Not even an $8000 tax break has staunched the loss of value in US housing...
SALES OF EXISTING U.S. homes plunged 17% in December, the biggest decline since record-keeping began in 1968, notes Eric Fry for The Daily Reckoning.
This disheartening news item shocked economic forecasters, but hardly anyone else. Most of us non-experts already knew that folks without incomes or credit buy very few houses.
But for some reason, the experts shun this intuitive logic. Instead, they study their econometric models, tweak their spreadsheets, and go public with forecasts that would embarrass a tealeaf.
These seers might not be so blind if they bothered to observe the world around them, rather than their computer monitors. Then again, the "world" that surrounds most Wall Street economists is a place that still practices (slightly less) conspicuous consumption...and therein lies the root of their woefully misguided forecasts.
Because out on Main Street, conspicuous consumption has become so inconspicuous that it's invisible. Out on Main Street, incomes are still dropping and credit is still contracting.
"We're past the bottom," says Adam York, an economist at Wells Fargo Securities LLC in Charlotte who correctly predicted December's steep drop in home sales.
"[But] I don't think there's going to be a lot of buyers out there looking for a home outside of the tax-induced effects until they feel more comfortable with the labor market."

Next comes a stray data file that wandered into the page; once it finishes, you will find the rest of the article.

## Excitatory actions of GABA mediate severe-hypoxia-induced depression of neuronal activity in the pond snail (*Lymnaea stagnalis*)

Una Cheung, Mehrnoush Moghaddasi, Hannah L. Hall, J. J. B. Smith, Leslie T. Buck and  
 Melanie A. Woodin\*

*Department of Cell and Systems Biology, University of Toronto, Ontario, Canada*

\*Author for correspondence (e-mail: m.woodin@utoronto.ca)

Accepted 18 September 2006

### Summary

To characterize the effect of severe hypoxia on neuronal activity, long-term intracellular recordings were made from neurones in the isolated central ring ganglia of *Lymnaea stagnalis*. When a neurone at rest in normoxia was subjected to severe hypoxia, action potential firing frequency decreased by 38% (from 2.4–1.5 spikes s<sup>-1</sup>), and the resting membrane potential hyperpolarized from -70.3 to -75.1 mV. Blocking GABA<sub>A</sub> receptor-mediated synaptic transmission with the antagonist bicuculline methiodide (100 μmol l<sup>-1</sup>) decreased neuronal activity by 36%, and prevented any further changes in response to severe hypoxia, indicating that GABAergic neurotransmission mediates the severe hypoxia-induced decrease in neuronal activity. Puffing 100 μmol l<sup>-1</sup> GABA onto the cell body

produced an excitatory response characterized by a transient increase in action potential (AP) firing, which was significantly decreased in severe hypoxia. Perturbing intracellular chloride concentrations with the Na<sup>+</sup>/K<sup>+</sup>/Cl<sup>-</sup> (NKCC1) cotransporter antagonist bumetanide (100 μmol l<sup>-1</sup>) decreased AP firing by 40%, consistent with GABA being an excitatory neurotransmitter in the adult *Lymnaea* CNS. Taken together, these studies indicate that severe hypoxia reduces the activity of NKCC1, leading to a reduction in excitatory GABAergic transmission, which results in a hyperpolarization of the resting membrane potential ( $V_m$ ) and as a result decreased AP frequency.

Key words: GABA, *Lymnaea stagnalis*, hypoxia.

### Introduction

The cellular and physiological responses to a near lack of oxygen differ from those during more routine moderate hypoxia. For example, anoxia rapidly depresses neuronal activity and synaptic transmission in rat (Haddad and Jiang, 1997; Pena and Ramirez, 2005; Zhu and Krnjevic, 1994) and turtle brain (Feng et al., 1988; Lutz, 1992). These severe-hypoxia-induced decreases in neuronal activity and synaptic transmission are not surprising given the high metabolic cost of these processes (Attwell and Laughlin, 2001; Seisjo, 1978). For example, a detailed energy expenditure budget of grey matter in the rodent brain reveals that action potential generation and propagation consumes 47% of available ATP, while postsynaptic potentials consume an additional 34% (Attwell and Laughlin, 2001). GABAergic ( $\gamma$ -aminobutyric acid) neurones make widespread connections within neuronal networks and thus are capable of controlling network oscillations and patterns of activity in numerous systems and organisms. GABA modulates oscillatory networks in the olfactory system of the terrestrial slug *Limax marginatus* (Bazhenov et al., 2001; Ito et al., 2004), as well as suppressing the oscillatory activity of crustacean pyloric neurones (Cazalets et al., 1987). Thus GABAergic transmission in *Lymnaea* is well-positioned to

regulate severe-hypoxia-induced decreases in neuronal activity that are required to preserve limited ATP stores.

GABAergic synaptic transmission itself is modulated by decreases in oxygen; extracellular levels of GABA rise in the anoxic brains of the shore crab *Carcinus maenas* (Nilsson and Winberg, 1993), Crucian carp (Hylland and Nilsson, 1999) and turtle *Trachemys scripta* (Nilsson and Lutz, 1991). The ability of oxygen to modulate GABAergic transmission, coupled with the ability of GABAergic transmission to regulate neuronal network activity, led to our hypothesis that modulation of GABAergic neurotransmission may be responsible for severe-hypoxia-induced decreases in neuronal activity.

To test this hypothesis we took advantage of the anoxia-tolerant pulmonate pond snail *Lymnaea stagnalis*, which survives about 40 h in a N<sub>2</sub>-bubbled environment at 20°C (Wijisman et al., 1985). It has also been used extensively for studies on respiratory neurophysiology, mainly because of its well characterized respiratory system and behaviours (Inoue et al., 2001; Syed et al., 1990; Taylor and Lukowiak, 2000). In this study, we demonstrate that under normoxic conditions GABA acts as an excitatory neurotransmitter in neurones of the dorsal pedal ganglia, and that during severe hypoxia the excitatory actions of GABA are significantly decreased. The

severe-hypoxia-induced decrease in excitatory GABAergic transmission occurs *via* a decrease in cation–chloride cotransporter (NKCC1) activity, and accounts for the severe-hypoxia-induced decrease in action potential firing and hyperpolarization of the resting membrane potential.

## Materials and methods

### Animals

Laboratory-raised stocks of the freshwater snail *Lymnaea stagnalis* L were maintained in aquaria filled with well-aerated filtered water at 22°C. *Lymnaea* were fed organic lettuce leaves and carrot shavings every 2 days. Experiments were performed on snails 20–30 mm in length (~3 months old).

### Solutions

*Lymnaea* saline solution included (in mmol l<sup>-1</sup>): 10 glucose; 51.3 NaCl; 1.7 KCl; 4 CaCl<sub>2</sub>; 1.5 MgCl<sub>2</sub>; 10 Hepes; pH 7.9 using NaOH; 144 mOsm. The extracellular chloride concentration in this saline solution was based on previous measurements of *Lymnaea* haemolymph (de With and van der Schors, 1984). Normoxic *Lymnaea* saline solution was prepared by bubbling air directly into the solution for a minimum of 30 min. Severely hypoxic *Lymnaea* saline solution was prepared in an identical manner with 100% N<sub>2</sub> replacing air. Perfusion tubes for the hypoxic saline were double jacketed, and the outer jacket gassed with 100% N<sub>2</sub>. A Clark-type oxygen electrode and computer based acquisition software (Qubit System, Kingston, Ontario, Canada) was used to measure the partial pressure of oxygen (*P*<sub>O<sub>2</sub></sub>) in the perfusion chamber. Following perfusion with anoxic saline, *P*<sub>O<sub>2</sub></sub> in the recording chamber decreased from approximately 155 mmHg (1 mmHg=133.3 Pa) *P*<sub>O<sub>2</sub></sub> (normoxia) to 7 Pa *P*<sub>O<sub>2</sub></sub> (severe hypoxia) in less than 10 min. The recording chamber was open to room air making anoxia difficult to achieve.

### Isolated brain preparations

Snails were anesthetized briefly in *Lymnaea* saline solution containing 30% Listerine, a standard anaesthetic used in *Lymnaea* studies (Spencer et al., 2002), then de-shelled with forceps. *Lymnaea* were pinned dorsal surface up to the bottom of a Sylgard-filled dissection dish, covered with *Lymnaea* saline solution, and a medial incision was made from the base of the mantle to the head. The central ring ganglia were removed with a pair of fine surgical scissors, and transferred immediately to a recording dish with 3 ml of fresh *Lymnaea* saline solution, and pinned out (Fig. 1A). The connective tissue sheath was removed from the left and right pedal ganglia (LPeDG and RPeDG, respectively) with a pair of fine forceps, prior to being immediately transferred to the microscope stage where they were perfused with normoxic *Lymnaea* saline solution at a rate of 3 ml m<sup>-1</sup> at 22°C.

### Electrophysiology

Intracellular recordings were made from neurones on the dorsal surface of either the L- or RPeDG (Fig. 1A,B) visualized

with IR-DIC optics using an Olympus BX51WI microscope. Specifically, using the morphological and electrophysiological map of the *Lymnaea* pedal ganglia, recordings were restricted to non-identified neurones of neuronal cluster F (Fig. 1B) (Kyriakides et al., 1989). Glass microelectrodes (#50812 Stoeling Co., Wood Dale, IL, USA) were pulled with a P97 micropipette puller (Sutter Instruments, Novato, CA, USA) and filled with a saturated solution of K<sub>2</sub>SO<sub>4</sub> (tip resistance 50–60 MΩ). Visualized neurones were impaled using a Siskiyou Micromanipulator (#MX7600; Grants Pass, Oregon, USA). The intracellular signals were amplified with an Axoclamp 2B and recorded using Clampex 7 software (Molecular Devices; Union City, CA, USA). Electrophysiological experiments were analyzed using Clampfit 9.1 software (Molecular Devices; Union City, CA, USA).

"Past the bottom" but going nowhere is a forecast we can live with. And for perspective, the "recovering" housing market has not really recovered at all.
For all of 2009, existing home sales rose 4.9% to 5.16 million, the first gain in four years. This is the "past the bottom" part of the story. The "going nowhere" part is that the median sales price dropped 12% from 2008, the biggest annual drop on record.
In other words, the NUMBER of existing homes sold increased slightly in 2009, but the VALUE of all existing homes sold actually DROPPED. This unusual divergence suggests that most sales are occurring at the low end of the housing market, where the government's $8,000 tax credit provides the greatest relative benefit.
Meanwhile at the mid- to higher-end of the market, where $8,000 would represent the cost of renovating a half-bath, sales are still dead in the water.
Moreover, as our colleague Dan Denning puts it in his Daily Reckoning Australia today:
"In November, first-home buyers taking advantage of the tax credit made up 50% of demand for existing homes. In December, it fell to 43%. Those two months were supposed to be the final months of the credit. The December decline shows that most people who intended to take advantage of the credit had already locked it in.
"But what now? The credit supported prices and sent sales soaring. The Congress extended the credit through April 30th of this year. But we doubt it will lead to a huge recovery in home prices."
Why not? There is 7.2 months supply of homes at the current sales rate, explains Dan. That's a huge surplus inventory. And it puts massive downward pressure on prices...
...and that's before another likely wave of foreclosures hits the US housing market.
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